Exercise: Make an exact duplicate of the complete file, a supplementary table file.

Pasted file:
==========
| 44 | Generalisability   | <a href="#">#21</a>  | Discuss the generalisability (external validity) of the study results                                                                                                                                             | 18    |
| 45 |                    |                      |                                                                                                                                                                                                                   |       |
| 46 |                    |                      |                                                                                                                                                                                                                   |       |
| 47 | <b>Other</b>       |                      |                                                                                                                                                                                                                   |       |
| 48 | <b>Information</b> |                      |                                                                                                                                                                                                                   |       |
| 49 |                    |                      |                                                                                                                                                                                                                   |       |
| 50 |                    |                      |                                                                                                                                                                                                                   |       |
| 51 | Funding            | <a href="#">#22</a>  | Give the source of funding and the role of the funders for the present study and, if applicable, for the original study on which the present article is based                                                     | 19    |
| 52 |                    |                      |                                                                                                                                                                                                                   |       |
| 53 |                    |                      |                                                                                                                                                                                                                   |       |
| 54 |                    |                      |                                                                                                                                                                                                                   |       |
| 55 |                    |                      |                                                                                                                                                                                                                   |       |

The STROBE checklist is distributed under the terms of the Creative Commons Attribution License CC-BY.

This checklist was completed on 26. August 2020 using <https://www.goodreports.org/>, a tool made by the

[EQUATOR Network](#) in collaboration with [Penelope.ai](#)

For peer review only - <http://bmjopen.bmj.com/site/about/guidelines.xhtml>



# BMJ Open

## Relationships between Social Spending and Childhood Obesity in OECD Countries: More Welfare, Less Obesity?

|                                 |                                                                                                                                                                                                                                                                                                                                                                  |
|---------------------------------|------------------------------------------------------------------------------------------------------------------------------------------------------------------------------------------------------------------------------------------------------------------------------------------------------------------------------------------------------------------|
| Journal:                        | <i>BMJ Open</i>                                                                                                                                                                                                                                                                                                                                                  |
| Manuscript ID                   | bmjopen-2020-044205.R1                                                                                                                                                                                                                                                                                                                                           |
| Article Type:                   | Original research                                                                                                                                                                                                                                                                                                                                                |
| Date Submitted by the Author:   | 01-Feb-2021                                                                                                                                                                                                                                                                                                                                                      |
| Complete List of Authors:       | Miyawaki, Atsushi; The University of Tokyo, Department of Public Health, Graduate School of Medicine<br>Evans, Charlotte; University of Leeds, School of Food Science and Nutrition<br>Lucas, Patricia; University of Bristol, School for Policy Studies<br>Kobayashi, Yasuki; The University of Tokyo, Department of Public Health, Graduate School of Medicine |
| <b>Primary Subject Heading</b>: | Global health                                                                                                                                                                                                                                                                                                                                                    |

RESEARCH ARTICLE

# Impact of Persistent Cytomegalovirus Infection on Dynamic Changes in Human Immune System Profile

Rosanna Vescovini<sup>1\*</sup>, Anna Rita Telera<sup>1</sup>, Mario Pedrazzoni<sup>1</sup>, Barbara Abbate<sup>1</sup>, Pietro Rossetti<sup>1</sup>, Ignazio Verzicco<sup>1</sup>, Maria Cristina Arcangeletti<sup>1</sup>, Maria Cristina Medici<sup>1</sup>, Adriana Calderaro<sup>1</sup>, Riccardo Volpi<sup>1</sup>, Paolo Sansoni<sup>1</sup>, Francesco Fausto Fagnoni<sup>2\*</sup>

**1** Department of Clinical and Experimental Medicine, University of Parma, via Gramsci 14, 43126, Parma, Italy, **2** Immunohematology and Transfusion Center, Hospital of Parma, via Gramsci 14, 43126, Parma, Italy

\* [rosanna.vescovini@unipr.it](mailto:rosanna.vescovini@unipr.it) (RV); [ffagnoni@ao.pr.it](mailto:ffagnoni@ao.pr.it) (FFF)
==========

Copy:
| 44 | Generalisability   | <a href="#">#21</a>  | Discuss the generalisability (external validity) of the study results                                                                                                                                             | 18    |
| 45 |                    |                      |                                                                                                                                                                                                                   |       |
| 46 |                    |                      |                                                                                                                                                                                                                   |       |
| 47 | <b>Other</b>       |                      |                                                                                                                                                                                                                   |       |
| 48 | <b>Information</b> |                      |                                                                                                                                                                                                                   |       |
| 49 |                    |                      |                                                                                                                                                                                                                   |       |
| 50 |                    |                      |                                                                                                                                                                                                                   |       |
| 51 | Funding            | <a href="#">#22</a>  | Give the source of funding and the role of the funders for the present study and, if applicable, for the original study on which the present article is based                                                     | 19    |
| 52 |                    |                      |                                                                                                                                                                                                                   |       |
| 53 |                    |                      |                                                                                                                                                                                                                   |       |
| 54 |                    |                      |                                                                                                                                                                                                                   |       |
| 55 |                    |                      |                                                                                                                                                                                                                   |       |

The STROBE checklist is distributed under the terms of the Creative Commons Attribution License CC-BY.

This checklist was completed on 26. August 2020 using <https://www.goodreports.org/>, a tool made by the

[EQUATOR Network](#) in collaboration with [Penelope.ai](#)

For peer review only - <http://bmjopen.bmj.com/site/about/guidelines.xhtml>



# BMJ Open

## Relationships between Social Spending and Childhood Obesity in OECD Countries: More Welfare, Less Obesity?

|                                 |                                                                                                                                                                                                                                                                                                                                                                  |
|---------------------------------|------------------------------------------------------------------------------------------------------------------------------------------------------------------------------------------------------------------------------------------------------------------------------------------------------------------------------------------------------------------|
| Journal:                        | <i>BMJ Open</i>                                                                                                                                                                                                                                                                                                                                                  |
| Manuscript ID                   | bmjopen-2020-044205.R1                                                                                                                                                                                                                                                                                                                                           |
| Article Type:                   | Original research                                                                                                                                                                                                                                                                                                                                                |
| Date Submitted by the Author:   | 01-Feb-2021                                                                                                                                                                                                                                                                                                                                                      |
| Complete List of Authors:       | Miyawaki, Atsushi; The University of Tokyo, Department of Public Health, Graduate School of Medicine<br>Evans, Charlotte; University of Leeds, School of Food Science and Nutrition<br>Lucas, Patricia; University of Bristol, School for Policy Studies<br>Kobayashi, Yasuki; The University of Tokyo, Department of Public Health, Graduate School of Medicine |
| <b>Primary Subject Heading</b>: | Global health                                                                                                                                                                                                                                                                                                                                                    |

RESEARCH ARTICLE

# Impact of Persistent Cytomegalovirus Infection on Dynamic Changes in Human Immune System Profile

Rosanna Vescovini<sup>1\*</sup>, Anna Rita Telera<sup>1</sup>, Mario Pedrazzoni<sup>1</sup>, Barbara Abbate<sup>1</sup>, Pietro Rossetti<sup>1</sup>, Ignazio Verzicco<sup>1</sup>, Maria Cristina Arcangeletti<sup>1</sup>, Maria Cristina Medici<sup>1</sup>, Adriana Calderaro<sup>1</sup>, Riccardo Volpi<sup>1</sup>, Paolo Sansoni<sup>1</sup>, Francesco Fausto Fagnoni<sup>2\*</sup>

**1** Department of Clinical and Experimental Medicine, University of Parma, via Gramsci 14, 43126, Parma, Italy, **2** Immunohematology and Transfusion Center, Hospital of Parma, via Gramsci 14, 43126, Parma, Italy

\* [rosanna.vescovini@unipr.it](mailto:rosanna.vescovini@unipr.it) (RV); [ffagnoni@ao.pr.it](mailto:ffagnoni@ao.pr.it) (FFF)